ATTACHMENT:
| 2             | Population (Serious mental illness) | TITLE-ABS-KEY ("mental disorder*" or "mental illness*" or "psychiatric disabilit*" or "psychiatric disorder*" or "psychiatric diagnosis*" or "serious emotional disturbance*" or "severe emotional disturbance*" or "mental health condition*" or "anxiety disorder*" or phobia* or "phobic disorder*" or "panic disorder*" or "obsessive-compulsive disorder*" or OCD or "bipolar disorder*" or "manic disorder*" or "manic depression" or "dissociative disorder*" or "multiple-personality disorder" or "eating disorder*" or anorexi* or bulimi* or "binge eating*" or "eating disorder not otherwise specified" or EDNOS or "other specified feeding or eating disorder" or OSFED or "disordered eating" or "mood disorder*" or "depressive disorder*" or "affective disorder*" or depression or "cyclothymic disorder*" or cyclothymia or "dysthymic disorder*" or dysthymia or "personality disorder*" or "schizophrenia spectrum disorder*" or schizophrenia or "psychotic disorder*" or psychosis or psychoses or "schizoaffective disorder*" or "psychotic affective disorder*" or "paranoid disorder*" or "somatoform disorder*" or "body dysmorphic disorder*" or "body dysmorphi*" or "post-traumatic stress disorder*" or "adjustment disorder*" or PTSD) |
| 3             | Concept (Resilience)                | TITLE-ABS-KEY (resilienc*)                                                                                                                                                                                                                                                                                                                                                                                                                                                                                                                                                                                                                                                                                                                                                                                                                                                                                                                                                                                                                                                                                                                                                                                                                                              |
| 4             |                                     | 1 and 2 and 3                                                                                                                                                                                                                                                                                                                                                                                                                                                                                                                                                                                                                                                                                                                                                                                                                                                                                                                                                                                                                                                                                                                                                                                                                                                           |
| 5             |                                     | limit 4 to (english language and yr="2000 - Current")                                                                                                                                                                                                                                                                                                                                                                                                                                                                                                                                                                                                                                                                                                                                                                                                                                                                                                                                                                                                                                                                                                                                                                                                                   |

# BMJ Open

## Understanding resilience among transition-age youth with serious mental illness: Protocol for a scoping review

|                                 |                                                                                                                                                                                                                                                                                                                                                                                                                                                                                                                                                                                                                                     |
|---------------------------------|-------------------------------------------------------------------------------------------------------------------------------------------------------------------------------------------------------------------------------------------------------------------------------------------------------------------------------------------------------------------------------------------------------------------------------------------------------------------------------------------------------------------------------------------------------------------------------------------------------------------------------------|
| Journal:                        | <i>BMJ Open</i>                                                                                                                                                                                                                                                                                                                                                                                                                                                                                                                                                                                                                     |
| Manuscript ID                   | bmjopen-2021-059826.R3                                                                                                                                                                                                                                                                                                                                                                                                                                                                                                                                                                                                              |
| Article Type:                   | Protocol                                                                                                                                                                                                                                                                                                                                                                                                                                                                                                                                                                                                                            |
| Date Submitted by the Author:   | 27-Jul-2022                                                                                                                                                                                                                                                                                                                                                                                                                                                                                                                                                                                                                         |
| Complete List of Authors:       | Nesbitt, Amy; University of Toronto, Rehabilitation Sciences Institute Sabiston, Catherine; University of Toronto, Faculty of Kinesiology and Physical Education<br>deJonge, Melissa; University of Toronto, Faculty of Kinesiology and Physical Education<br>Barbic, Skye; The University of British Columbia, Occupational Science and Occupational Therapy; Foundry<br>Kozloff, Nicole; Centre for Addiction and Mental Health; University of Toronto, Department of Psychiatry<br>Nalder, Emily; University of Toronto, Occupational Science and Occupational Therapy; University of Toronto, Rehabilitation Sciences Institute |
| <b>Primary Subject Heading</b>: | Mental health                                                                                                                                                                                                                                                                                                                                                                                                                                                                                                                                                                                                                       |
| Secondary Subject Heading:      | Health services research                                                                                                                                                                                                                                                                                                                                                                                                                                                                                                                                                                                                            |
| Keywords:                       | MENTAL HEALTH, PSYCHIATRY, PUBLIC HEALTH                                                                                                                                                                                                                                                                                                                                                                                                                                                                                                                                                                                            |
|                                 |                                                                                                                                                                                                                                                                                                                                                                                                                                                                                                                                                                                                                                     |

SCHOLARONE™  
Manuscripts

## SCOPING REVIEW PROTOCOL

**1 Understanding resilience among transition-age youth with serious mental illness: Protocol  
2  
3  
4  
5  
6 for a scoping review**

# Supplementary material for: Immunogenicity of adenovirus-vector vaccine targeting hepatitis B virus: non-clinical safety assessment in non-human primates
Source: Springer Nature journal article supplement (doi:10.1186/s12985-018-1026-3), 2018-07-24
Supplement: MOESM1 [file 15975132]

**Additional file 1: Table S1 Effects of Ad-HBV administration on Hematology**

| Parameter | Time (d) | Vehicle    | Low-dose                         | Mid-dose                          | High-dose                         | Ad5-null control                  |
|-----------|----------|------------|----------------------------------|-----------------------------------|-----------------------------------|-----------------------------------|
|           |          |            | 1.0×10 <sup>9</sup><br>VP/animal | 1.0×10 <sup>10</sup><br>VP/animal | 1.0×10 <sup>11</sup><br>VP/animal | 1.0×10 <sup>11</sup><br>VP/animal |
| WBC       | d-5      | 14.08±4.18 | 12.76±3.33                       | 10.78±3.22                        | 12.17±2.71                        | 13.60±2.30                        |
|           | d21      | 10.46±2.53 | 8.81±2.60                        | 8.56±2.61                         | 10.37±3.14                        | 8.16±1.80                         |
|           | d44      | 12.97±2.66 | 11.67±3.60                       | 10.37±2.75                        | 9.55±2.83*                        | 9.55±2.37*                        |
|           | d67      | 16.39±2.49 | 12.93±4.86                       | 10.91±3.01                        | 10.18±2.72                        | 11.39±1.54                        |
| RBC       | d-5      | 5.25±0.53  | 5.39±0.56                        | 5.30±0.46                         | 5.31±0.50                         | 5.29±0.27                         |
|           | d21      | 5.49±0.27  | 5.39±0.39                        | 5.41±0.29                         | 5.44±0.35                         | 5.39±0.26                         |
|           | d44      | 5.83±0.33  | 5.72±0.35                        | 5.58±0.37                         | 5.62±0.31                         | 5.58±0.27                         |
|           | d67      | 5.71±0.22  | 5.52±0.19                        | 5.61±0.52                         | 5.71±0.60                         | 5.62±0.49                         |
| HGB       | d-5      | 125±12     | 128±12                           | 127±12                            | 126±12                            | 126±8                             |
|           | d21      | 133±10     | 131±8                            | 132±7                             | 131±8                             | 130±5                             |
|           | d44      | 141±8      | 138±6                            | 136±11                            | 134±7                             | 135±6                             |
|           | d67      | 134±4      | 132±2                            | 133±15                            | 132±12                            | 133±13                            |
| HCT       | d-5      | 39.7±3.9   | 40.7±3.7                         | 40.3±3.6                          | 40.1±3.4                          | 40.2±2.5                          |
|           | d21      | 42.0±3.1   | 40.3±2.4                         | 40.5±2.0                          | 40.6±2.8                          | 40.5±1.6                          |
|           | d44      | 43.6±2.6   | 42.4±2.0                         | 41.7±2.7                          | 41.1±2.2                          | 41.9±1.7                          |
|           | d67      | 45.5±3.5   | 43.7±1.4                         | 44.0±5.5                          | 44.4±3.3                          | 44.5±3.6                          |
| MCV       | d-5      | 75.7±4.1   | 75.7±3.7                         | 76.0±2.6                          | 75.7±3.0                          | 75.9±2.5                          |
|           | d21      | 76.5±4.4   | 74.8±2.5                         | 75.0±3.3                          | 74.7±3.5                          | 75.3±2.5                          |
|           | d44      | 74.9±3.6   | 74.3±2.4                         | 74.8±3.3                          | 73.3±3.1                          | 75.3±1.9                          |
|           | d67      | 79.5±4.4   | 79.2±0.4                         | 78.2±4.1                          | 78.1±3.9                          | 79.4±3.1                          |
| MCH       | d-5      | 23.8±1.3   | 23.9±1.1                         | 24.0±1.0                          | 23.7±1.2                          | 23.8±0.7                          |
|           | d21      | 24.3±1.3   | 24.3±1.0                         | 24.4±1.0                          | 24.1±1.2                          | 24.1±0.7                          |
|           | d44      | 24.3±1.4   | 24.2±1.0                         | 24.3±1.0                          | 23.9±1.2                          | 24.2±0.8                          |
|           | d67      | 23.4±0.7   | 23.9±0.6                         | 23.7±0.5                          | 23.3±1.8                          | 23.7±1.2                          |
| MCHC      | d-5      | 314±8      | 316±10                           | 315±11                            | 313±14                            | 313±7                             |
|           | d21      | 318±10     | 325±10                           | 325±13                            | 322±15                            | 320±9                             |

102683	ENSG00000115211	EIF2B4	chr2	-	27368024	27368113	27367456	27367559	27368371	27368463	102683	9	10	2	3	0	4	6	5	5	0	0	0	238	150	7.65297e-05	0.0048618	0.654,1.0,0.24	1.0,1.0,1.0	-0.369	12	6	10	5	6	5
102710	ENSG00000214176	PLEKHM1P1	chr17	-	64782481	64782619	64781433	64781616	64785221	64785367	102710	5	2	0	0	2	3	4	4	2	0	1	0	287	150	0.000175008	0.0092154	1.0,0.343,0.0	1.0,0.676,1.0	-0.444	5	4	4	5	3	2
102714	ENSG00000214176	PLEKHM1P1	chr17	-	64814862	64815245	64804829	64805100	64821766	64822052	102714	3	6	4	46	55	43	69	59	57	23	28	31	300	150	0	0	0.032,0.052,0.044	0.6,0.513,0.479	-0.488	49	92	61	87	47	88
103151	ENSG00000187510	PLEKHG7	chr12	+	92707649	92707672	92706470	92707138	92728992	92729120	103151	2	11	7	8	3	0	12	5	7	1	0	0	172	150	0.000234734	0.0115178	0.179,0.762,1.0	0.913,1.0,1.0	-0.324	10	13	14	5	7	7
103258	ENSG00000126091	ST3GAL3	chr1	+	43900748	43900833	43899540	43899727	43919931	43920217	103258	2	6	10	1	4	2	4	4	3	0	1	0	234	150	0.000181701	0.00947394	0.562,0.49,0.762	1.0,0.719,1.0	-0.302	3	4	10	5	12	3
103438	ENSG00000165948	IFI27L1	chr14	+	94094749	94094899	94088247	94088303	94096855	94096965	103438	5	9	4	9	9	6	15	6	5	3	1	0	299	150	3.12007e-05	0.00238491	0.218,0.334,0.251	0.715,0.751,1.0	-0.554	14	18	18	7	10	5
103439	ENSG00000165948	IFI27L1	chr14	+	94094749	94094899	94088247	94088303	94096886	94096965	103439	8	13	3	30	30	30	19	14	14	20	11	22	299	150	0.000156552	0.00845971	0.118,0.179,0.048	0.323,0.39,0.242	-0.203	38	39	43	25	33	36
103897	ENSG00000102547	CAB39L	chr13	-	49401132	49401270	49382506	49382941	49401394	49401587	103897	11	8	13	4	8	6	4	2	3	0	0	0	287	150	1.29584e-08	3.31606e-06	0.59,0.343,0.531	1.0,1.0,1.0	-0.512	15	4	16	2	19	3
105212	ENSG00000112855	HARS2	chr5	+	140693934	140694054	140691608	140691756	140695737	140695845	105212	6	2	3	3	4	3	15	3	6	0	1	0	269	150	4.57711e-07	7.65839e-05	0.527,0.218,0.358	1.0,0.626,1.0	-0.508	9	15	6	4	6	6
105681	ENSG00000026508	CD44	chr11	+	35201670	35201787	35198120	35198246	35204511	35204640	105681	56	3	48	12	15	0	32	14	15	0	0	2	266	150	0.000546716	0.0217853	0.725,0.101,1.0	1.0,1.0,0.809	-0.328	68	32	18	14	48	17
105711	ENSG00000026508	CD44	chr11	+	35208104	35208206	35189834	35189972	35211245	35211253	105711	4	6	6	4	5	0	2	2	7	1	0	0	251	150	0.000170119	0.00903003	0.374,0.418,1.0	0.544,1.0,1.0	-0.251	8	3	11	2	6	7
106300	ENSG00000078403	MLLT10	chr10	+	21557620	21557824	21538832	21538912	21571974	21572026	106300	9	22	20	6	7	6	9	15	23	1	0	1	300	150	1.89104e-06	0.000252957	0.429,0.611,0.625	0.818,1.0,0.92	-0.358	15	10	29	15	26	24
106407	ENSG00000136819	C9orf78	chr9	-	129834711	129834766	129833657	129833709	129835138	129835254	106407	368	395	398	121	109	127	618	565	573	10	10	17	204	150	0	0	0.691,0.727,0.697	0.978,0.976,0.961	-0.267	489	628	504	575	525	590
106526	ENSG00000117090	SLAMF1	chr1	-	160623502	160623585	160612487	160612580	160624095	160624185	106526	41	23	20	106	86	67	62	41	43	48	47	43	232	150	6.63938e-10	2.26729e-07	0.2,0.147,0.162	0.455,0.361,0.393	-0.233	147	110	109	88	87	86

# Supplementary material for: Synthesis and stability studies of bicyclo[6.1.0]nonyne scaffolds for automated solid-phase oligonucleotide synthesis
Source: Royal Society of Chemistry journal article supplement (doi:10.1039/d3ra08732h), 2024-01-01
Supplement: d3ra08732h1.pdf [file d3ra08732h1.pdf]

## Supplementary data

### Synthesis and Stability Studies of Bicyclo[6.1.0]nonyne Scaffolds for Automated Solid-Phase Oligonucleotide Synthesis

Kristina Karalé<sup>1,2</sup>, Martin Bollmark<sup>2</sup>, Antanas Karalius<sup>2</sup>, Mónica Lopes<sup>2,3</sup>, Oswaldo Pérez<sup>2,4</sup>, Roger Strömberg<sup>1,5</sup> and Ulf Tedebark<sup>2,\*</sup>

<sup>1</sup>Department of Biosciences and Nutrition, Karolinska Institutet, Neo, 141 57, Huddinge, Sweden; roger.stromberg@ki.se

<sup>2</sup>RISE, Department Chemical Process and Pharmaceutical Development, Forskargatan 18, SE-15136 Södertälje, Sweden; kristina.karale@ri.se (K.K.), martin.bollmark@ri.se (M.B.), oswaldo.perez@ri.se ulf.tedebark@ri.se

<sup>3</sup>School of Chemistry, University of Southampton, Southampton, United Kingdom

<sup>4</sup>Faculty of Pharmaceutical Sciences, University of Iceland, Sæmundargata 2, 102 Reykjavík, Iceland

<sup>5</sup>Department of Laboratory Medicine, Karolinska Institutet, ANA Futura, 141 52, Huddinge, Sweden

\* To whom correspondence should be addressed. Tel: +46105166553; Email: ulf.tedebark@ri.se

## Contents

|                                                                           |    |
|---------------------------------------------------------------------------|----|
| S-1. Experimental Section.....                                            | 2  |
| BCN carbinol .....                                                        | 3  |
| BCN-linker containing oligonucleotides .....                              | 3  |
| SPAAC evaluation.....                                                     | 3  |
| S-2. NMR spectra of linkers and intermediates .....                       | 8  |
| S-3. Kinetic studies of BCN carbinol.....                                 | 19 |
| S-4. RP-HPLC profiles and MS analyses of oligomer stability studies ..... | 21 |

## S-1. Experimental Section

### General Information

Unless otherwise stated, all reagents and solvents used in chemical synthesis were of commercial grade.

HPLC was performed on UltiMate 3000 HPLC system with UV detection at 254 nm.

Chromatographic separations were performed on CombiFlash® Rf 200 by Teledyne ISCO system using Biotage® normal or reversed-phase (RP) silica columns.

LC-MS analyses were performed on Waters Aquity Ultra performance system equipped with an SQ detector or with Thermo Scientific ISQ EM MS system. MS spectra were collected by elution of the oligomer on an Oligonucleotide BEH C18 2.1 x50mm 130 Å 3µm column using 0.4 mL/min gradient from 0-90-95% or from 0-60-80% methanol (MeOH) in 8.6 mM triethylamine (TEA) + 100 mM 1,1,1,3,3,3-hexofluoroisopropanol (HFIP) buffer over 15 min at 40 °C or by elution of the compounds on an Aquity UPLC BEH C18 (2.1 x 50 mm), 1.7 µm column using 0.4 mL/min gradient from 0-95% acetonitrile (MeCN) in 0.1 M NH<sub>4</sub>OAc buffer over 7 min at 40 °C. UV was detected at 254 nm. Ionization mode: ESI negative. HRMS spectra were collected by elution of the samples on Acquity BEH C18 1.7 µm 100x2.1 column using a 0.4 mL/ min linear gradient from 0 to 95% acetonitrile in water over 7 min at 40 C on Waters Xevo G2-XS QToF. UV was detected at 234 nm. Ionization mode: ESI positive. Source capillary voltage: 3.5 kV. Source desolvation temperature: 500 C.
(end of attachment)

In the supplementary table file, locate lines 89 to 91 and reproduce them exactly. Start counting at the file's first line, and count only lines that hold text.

| S-1. Experimental Section.....                                            | 2  |
| BCN carbinol .....                                                        | 3  |
| BCN-linker containing oligonucleotides .....                              | 3  |